A Medieval Latin Song
I’m currently working on an article discussing a rare fragment of medieval Latin. It was only discovered in the 1970s, scribbled in the margins of a 10th century manuscript of Horace at a monastery outside Cologne. What’s striking about it (to me at least) is its sheer modernity - it eschews traditional quantitative meter entirely, and instead maintains poetic coherence by heavy use of anaphora and parallelism, not unlike, say, Walt Whitman. Here are the first two stanzas:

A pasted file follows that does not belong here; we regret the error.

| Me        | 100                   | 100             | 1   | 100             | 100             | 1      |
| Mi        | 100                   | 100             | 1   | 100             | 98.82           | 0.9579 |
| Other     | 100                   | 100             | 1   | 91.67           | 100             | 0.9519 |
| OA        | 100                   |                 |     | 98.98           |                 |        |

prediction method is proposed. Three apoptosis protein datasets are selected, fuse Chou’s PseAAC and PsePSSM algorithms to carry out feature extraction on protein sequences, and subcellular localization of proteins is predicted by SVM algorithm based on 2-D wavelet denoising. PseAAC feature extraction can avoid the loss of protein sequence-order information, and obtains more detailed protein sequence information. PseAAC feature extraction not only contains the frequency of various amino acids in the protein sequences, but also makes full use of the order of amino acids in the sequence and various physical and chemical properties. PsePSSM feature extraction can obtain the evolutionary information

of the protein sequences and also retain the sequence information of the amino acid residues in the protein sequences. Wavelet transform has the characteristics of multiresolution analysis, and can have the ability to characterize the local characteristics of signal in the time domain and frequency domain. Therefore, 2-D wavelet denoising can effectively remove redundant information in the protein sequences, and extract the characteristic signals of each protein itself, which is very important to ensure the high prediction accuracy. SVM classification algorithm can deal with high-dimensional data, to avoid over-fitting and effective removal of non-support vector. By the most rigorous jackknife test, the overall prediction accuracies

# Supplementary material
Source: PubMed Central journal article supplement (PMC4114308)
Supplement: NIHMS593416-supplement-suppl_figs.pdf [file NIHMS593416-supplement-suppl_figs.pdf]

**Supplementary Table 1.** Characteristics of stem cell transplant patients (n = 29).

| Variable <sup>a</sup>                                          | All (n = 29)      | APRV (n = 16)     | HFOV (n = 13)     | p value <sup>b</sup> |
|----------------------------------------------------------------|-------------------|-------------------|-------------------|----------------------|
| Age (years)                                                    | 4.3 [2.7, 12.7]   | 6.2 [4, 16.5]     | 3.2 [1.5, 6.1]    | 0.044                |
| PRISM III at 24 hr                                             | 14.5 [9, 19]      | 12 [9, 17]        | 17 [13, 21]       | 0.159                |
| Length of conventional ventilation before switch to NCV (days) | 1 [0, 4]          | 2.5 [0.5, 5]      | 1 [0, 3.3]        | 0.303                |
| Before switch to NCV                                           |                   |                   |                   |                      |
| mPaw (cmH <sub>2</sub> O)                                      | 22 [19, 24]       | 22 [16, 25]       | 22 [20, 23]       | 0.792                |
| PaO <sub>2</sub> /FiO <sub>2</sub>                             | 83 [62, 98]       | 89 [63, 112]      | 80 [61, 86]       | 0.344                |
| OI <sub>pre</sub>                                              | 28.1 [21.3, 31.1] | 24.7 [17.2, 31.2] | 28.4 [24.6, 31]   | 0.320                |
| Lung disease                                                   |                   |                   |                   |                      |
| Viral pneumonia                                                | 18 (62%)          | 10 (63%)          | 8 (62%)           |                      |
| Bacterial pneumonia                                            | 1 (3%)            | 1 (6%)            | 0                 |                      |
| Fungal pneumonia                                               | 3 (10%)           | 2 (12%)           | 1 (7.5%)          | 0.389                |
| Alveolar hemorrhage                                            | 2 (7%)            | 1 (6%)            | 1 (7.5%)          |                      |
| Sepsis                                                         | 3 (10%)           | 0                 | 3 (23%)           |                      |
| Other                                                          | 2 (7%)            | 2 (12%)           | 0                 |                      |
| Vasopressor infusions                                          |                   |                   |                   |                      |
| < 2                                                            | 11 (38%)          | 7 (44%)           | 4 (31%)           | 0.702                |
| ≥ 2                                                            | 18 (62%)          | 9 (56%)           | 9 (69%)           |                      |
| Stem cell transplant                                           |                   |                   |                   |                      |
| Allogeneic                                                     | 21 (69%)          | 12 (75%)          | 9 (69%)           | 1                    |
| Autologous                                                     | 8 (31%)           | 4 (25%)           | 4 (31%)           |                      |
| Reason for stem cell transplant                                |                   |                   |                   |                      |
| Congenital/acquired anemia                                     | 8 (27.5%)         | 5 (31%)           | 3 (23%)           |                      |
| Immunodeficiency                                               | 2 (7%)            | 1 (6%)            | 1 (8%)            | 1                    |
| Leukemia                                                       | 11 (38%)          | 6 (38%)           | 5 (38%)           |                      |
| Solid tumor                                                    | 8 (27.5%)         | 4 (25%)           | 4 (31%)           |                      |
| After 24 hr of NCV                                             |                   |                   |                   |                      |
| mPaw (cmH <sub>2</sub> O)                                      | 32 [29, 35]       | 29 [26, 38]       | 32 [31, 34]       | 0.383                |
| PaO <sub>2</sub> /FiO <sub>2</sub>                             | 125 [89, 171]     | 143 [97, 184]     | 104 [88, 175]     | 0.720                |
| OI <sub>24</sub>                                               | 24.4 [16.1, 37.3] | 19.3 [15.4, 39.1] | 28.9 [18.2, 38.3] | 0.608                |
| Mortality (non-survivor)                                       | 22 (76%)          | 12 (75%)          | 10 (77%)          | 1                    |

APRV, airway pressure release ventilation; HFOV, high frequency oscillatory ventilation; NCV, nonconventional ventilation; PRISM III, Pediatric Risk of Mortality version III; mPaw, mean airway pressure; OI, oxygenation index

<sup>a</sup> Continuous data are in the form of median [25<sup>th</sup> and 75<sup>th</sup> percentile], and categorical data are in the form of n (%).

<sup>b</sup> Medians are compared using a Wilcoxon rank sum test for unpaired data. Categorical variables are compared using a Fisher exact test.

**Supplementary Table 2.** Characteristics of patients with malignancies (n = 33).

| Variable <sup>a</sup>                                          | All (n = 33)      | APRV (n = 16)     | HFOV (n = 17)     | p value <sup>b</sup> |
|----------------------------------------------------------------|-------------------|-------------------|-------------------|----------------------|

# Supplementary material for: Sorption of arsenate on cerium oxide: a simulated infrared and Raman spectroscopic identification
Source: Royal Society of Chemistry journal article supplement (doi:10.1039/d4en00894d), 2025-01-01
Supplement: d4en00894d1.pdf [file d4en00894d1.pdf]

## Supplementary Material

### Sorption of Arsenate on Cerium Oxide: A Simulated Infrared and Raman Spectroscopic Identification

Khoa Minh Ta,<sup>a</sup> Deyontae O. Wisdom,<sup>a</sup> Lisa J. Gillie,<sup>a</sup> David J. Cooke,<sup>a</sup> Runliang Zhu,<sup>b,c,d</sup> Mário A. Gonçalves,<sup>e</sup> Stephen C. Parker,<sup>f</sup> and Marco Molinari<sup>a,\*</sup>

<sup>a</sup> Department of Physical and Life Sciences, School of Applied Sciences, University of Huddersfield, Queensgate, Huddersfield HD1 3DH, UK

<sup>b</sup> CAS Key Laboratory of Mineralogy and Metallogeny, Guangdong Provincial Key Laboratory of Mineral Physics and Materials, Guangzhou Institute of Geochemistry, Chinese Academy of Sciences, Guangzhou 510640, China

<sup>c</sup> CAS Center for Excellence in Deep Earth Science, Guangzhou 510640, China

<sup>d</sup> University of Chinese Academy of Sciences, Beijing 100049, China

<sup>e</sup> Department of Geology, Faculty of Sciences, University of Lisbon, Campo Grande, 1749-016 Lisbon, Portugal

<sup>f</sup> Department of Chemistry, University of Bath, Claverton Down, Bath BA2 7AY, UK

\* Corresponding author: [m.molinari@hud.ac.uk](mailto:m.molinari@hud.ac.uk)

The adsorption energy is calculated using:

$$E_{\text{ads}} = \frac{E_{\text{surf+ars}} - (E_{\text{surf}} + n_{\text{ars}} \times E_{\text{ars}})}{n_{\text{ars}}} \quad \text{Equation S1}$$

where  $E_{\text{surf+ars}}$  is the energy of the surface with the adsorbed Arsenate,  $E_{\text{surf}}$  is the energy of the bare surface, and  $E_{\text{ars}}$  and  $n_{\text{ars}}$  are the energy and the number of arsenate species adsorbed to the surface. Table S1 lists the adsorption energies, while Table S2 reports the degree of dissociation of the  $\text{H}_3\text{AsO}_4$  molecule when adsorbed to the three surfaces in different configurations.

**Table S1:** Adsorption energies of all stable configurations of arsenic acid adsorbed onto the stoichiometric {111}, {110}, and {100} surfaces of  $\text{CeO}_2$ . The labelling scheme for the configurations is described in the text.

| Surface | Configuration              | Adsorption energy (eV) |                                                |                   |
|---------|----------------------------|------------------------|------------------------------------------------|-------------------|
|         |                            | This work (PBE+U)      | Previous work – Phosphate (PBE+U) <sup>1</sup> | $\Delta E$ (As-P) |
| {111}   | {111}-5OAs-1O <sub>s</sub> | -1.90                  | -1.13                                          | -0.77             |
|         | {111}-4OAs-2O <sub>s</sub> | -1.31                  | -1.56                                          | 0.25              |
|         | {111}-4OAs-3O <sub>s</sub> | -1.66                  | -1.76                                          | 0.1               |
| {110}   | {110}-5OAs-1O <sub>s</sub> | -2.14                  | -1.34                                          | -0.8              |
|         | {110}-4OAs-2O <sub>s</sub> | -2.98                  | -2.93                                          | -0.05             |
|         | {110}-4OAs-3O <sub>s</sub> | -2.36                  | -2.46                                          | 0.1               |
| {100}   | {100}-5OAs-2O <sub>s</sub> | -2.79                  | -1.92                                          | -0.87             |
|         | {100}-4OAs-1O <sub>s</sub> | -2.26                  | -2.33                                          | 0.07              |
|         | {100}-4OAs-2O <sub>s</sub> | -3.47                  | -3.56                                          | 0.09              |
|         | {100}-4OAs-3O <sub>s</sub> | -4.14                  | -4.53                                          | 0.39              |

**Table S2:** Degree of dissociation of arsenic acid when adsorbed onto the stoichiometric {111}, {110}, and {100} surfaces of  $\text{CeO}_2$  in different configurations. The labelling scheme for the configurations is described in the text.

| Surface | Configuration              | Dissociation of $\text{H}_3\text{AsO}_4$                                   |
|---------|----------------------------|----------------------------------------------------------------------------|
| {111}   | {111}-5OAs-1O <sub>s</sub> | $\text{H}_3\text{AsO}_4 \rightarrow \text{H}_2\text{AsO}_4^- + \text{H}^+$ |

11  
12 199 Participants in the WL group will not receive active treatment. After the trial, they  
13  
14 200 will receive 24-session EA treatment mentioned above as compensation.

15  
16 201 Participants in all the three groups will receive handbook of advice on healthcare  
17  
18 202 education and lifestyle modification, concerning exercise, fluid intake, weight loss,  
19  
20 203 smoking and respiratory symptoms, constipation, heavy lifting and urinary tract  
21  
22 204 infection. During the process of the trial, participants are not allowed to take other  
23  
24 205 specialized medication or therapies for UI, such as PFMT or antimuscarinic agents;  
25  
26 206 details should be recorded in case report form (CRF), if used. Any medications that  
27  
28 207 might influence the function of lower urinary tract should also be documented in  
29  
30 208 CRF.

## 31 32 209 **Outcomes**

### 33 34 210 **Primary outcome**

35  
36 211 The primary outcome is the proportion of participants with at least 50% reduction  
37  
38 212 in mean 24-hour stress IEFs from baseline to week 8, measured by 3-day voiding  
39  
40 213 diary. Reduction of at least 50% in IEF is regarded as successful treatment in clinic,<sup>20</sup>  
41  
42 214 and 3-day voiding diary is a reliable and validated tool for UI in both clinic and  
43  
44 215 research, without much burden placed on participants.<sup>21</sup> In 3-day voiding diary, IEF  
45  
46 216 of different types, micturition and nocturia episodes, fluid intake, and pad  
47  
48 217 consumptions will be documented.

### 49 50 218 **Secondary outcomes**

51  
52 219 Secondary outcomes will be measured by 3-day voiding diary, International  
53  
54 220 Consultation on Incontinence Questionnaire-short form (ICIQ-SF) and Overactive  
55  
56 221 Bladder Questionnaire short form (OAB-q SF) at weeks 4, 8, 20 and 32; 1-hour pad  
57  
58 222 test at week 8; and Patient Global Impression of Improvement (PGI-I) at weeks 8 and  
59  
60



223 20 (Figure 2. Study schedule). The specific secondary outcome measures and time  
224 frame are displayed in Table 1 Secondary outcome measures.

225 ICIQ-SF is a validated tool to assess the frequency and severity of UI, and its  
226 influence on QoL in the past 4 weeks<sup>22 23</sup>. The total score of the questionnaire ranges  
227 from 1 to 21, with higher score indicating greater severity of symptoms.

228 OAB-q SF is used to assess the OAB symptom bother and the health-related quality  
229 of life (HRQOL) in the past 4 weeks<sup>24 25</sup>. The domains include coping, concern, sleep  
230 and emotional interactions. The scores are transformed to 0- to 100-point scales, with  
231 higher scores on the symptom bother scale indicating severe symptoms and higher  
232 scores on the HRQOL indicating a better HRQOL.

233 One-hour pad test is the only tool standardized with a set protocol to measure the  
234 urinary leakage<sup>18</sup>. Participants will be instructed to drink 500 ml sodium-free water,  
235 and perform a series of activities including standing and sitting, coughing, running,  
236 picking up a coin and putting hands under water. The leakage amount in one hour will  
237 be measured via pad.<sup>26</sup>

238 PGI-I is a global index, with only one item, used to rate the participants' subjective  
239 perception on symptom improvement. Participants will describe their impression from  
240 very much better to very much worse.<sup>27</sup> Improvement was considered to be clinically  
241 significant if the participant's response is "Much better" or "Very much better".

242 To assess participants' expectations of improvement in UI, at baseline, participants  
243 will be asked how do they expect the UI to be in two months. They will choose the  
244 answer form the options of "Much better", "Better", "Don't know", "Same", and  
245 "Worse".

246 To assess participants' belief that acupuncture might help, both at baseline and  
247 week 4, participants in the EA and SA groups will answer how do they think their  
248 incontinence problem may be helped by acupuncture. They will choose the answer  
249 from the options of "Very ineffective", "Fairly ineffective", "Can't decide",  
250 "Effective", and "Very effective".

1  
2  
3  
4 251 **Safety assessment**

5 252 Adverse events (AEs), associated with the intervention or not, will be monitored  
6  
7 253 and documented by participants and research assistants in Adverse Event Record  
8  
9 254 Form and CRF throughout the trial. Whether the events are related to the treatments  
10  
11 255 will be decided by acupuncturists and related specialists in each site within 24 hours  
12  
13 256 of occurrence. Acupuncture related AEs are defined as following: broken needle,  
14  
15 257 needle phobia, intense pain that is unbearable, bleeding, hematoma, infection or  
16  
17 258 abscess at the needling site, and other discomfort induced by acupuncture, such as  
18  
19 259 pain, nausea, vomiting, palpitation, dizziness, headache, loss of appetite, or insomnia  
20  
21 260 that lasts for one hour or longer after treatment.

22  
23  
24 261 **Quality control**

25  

O iuvenis, non necesse est lugere;
O iuvenis, inquam, temet leva de solo.
O iuvenis, inquam, quoniam in novo oppido es
Non necesse est sine laetitia vitam degere.
O iuvenis, est quo ire
O iuvenis, inquam, cum pecunia eges.
Ibi habitare licet, et non dubito quin
Multos modos gaudendi reperturus sis.
If you’d like to hear the poem performed aloud, with period-appropriate musical accompaniment, you can view this video: